Tumamoc Globeberry - Illustration by Bill Singleton

Tumamoc Globeberry
Tumamoca macdougalii


The Tumamoc globeberry (Tumamoca macdougalii) is a delicate vine with lacy leaves in the squash family. The plants are found under trees or shrubs which act as nurse plants and provide physical support for the vines. The stems arise from large tuber-like roots, beginning in late summer in response to summer rains, and continue growing until November. The round, fleshy, bright red fruits are relished by javelina and other wildlife.

Habitat: This vine grows in the Arizona Upland subdivision of Sonoran Desert scrub. It is associated with a variety of nurse plants and in settings ranging from sandy valley bottoms to rocky bajada slopes.

Range: The range of this species extends as far north as southern Pinal and Maricopa counties, Arizona, south into Sonora, Mexico. Easternmost populations are located in Tucson and the western limits occur in Organ Pipe Cactus National Monument.

Status: In 1986, the species was listed as endangered. In June 1993, the U.S. Fish and Wildlife Service proposed to delist the species, largely on the basis of a survey and study in the United States and Mexico contracted by the Bureau of Reclamation (BLM).1 Given its large range, the number of known populations, the remote habitat, ability to withstand some habitat degradation, and nonspecific habitat needs, the U.S. Fish and Wildlife Service has determined that the Tumamoc globeberry does not warrant the protection of the Act.2 This species is considered "salvage restricted" under the Arizona Native Plant Law.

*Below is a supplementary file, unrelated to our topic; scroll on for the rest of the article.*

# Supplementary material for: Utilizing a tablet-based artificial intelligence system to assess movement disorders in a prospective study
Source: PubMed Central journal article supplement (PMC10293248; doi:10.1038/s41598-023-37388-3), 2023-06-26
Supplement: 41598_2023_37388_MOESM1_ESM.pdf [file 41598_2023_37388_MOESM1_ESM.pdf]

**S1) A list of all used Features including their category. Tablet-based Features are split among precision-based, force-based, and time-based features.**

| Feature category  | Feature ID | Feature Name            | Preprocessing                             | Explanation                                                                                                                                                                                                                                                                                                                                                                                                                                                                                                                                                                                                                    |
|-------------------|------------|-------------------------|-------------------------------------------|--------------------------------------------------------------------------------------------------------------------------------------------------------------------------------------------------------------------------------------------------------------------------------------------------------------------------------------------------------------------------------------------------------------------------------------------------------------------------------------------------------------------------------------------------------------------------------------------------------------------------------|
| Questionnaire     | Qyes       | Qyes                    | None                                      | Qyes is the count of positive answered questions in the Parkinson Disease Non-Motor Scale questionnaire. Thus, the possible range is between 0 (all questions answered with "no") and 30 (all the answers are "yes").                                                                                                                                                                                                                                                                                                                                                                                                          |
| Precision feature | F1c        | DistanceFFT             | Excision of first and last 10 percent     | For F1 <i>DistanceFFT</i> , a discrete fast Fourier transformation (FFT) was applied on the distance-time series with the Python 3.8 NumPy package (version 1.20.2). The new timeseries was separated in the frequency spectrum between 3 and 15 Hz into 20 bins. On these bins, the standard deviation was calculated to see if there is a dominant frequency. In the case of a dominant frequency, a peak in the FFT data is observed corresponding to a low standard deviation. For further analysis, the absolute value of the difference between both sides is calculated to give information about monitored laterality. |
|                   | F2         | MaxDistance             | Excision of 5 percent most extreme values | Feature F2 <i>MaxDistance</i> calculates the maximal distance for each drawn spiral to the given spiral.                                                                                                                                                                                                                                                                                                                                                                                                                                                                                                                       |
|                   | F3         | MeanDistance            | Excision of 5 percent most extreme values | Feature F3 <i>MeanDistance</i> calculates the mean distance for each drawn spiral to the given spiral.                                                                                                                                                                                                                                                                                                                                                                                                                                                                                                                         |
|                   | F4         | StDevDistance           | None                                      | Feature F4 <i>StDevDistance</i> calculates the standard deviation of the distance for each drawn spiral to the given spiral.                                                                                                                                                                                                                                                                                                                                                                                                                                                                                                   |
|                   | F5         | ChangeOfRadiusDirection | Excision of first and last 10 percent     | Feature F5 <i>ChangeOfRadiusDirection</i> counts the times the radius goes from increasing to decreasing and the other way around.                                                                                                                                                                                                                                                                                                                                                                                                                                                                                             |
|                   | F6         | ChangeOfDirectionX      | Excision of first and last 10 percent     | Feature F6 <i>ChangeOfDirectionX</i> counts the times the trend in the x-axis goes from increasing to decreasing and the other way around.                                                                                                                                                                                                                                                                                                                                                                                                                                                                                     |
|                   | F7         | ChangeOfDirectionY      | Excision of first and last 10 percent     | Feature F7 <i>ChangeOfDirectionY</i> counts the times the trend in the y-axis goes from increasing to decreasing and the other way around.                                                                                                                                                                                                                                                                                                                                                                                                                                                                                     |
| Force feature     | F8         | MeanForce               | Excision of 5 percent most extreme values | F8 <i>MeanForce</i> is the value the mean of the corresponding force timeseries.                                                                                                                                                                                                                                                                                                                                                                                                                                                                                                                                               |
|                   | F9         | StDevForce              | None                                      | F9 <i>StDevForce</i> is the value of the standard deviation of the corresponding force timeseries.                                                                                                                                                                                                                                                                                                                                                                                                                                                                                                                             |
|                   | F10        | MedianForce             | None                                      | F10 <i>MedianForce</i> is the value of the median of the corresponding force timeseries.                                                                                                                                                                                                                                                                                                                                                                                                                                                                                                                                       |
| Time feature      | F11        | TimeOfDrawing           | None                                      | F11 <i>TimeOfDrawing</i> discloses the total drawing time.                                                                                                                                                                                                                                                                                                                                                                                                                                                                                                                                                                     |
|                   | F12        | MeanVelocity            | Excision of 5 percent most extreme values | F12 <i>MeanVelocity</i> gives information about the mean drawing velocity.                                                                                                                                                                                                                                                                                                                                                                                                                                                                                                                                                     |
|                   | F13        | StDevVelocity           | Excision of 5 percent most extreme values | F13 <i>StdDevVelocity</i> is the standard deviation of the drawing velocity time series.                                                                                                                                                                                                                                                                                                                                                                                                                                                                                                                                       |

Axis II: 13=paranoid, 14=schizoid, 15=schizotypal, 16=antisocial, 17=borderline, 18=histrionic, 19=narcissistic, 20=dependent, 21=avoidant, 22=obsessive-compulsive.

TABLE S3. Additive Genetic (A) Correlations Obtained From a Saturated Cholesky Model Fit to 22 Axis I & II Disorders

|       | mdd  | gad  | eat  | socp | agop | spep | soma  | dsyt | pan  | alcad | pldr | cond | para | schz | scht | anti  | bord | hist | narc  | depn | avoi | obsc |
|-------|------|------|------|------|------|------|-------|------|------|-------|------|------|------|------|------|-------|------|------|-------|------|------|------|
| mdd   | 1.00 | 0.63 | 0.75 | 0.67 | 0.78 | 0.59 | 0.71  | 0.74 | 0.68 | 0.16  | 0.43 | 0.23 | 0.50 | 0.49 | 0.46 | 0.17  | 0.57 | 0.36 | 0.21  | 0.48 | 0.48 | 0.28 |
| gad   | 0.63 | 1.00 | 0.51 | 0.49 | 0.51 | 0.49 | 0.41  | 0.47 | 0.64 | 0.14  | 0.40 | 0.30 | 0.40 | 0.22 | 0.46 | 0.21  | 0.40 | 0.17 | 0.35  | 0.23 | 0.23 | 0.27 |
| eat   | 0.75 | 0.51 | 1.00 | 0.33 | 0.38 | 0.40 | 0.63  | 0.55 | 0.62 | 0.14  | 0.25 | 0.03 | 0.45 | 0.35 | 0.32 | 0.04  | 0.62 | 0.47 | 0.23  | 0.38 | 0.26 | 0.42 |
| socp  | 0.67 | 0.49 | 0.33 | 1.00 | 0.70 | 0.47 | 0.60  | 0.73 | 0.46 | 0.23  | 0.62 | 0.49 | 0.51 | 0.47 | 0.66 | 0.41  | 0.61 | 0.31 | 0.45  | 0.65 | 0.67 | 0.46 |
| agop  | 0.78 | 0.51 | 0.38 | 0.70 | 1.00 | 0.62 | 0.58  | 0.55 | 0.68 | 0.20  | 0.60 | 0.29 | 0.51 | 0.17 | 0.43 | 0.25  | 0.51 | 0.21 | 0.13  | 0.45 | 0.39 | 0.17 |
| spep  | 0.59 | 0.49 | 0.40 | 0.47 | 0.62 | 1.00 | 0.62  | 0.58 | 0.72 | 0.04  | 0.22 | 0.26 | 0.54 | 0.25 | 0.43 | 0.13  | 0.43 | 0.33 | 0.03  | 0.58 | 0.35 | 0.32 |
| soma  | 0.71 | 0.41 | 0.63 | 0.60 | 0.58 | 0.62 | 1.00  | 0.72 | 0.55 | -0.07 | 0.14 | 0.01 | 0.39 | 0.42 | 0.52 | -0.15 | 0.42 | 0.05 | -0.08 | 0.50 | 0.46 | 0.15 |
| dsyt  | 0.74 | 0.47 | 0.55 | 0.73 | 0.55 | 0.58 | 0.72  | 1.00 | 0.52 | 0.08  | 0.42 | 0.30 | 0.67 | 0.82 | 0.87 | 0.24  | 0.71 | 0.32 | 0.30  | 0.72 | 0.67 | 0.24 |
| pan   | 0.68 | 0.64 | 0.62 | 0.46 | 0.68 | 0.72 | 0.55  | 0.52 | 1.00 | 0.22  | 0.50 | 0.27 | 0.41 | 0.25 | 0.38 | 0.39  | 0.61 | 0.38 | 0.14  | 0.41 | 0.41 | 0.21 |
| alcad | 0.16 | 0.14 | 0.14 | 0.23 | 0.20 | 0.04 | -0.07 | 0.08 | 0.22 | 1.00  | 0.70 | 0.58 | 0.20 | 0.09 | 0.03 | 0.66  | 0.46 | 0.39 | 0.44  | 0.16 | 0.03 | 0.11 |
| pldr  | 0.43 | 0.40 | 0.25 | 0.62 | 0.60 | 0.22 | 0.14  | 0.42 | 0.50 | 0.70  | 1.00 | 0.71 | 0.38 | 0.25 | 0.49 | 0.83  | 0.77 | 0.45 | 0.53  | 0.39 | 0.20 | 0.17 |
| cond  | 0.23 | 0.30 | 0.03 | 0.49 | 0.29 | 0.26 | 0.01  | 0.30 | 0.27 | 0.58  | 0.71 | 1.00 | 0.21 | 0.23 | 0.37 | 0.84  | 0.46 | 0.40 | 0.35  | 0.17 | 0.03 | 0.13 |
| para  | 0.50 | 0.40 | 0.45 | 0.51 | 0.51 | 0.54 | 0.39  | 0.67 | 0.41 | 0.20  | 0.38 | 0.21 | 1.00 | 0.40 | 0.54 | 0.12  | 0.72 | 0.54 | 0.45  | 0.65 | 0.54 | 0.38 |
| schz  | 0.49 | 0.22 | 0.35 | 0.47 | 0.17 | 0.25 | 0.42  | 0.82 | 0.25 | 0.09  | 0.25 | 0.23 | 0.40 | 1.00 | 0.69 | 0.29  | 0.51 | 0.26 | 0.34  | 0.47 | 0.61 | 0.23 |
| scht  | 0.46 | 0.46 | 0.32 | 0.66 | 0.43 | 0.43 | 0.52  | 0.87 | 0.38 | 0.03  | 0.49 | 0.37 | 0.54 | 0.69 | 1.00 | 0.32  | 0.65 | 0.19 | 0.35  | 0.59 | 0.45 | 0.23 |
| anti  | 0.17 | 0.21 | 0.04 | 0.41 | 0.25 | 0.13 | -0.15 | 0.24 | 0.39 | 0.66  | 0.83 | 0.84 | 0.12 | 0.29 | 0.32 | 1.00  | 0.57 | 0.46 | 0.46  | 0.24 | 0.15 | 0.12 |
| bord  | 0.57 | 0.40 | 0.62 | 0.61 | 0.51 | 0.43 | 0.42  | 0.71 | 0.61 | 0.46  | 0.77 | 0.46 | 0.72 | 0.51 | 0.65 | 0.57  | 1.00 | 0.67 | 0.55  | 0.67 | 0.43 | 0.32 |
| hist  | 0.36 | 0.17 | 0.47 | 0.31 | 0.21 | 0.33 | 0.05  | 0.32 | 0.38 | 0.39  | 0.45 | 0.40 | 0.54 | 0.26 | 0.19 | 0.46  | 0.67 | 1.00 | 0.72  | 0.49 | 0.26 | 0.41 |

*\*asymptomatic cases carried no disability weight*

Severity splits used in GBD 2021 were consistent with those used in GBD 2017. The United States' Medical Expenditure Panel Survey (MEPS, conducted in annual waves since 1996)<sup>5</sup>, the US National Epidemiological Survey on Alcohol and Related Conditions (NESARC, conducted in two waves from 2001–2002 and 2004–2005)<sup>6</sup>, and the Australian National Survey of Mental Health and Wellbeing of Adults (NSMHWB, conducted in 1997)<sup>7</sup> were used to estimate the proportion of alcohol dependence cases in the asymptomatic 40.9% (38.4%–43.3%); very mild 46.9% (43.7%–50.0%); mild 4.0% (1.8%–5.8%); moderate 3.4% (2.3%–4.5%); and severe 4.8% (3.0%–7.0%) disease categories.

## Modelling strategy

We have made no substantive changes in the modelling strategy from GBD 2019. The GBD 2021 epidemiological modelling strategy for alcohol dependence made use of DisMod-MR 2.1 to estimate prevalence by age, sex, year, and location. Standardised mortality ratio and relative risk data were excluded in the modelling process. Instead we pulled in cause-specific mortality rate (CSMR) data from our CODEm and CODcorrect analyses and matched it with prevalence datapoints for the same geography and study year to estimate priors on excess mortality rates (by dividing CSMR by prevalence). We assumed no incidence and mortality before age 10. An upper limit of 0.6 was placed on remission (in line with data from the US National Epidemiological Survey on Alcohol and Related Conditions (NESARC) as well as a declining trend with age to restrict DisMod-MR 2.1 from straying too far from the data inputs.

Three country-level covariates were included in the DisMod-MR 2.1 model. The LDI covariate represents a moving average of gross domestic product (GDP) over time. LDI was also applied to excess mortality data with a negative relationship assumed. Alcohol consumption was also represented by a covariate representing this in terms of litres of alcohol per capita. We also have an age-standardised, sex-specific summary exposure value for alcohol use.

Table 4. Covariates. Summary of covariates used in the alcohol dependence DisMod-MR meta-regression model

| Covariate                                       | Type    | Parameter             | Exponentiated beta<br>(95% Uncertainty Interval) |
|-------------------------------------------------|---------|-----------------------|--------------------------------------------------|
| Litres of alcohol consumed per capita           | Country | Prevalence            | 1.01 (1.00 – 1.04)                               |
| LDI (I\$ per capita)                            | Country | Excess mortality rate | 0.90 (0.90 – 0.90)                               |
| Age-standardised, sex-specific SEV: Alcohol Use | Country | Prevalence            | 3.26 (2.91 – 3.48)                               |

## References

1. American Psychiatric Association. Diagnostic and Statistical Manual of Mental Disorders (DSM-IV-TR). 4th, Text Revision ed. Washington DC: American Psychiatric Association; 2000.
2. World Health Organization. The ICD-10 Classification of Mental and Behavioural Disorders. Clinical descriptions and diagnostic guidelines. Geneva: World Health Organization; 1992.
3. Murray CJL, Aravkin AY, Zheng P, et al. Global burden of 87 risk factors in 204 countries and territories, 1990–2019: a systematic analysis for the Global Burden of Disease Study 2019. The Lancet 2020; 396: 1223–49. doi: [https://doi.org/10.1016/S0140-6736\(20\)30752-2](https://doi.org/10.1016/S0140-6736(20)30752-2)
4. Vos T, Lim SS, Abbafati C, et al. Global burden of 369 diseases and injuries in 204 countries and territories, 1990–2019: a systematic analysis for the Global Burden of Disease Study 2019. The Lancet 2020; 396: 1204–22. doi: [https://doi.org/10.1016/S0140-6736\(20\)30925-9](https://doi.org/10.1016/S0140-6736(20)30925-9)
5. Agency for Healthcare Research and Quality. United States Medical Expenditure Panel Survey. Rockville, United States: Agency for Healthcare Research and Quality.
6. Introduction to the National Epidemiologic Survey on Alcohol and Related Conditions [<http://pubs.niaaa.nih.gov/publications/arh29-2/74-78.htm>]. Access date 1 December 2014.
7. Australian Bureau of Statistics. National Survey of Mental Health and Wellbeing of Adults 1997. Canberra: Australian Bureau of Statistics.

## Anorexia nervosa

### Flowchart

Tumamoc Globeberry in Pima County:
The Bureau of Land Management has established permanent plots to monitor Tumamoc globeberry through 1998. The monitoring plots are located on BLM-managed land in the Avra Valley. Coronado National Forest is continuing to collect data for the population in the Santa Catalina Mountains which is the only population on National Forest lands.1 Other studied populations are those found along the CAP canal right-of-way, or in preserves constructed as part of the CAP construction process. Monitoring is occuring for some known populations by U.S. Fish and Wildlife Service and contractors.



1. Federal Register, Vol. 58, No. 116, Friday, June 18, 1993, Rules and Regulations

2. Reichenbacher, F.W. 1990 Tumamoc globeberry studies in Arizona and Sonora, Mexico. Final report prepared for the U.S.D.I. Bureau of Reclamation, Phoenix, Arizona. 109 pp.

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